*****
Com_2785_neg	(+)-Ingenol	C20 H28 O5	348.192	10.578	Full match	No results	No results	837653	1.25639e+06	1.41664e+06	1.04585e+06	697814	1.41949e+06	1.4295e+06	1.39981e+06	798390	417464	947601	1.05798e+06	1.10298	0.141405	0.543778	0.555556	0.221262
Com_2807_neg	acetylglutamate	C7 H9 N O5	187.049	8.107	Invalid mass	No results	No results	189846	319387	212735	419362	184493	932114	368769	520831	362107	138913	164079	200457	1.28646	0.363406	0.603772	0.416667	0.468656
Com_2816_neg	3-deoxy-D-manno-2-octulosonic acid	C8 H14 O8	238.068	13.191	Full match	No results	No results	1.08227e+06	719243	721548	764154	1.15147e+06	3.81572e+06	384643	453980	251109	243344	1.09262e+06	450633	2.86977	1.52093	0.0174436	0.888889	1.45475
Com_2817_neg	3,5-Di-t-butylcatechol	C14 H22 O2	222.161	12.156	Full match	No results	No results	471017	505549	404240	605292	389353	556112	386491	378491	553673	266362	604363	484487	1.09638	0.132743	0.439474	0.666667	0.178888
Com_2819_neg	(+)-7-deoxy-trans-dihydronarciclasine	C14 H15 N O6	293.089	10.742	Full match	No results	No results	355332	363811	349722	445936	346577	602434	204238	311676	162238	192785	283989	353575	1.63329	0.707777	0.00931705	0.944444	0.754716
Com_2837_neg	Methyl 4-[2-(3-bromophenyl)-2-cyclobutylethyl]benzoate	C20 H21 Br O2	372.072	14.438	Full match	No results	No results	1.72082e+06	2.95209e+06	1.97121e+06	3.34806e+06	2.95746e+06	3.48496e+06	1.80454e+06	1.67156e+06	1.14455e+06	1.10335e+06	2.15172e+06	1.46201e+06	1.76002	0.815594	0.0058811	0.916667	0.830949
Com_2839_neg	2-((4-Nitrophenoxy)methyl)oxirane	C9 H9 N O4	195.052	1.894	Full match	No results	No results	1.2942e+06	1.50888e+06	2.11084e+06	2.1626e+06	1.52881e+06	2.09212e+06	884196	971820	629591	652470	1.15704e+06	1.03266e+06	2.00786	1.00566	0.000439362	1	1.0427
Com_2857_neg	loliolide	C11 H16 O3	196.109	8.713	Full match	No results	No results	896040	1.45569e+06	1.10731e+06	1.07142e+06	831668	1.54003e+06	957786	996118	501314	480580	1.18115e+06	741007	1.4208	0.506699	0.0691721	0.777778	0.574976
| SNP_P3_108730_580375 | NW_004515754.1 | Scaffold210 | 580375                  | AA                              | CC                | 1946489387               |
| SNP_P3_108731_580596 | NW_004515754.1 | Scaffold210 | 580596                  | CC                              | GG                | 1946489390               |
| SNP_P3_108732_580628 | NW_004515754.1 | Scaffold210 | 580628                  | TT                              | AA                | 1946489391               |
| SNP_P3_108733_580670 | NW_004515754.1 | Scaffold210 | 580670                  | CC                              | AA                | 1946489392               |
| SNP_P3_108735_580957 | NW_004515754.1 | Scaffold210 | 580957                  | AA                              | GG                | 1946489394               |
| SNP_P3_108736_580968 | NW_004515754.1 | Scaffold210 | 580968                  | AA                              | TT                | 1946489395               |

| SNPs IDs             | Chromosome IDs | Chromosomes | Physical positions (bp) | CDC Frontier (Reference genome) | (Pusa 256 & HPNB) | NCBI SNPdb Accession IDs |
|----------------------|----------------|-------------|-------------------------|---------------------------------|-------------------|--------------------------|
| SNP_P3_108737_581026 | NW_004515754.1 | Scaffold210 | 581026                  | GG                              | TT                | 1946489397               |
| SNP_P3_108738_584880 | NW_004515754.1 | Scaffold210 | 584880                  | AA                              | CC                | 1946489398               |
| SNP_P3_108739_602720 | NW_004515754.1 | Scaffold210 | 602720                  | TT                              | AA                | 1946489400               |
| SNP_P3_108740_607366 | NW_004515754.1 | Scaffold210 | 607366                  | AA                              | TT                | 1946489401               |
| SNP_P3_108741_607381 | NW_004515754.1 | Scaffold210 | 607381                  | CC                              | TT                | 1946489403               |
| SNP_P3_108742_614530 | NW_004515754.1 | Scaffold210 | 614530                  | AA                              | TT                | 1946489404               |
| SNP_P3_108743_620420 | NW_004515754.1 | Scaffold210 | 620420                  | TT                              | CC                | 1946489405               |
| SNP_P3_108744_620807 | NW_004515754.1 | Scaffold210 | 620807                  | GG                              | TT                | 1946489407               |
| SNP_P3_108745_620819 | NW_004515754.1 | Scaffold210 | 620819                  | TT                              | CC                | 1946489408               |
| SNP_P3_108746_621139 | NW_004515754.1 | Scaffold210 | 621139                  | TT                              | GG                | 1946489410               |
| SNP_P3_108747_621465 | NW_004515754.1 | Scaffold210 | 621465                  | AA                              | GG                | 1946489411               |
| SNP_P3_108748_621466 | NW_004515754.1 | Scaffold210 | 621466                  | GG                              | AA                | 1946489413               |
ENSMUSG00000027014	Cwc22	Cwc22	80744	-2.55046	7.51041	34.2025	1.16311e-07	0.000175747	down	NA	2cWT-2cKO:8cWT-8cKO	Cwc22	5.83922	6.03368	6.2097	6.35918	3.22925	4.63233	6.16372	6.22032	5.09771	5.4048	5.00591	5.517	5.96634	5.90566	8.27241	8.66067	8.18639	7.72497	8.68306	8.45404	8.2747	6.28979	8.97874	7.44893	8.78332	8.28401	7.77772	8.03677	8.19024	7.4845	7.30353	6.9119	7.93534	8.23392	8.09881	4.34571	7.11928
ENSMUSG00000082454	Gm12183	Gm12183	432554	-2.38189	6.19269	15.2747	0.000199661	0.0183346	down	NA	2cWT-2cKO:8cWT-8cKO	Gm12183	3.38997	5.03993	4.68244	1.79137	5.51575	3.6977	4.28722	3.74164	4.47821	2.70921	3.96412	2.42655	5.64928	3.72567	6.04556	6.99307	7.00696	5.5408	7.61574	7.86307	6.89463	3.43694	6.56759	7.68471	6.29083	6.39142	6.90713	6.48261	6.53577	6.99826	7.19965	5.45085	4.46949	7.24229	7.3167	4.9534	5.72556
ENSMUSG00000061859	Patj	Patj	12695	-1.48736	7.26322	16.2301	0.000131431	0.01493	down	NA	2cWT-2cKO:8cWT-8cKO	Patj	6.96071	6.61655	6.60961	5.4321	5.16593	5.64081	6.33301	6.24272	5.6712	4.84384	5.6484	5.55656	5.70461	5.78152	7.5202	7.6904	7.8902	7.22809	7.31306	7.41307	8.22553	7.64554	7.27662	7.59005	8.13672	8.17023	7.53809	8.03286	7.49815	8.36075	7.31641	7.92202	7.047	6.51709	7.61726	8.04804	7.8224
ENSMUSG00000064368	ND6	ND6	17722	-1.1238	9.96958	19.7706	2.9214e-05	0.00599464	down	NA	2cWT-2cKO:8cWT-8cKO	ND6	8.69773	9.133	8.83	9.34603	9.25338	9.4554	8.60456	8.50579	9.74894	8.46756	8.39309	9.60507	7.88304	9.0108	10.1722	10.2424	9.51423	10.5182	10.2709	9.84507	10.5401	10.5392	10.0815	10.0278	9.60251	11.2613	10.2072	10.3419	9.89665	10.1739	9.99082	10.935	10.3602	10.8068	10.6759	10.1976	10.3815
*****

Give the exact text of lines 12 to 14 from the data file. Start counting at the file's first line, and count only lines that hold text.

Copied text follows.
| SNP_P3_108733_580670 | NW_004515754.1 | Scaffold210 | 580670                  | CC                              | AA                | 1946489392               |
| SNP_P3_108735_580957 | NW_004515754.1 | Scaffold210 | 580957                  | AA                              | GG                | 1946489394               |
| SNP_P3_108736_580968 | NW_004515754.1 | Scaffold210 | 580968                  | AA                              | TT                | 1946489395               |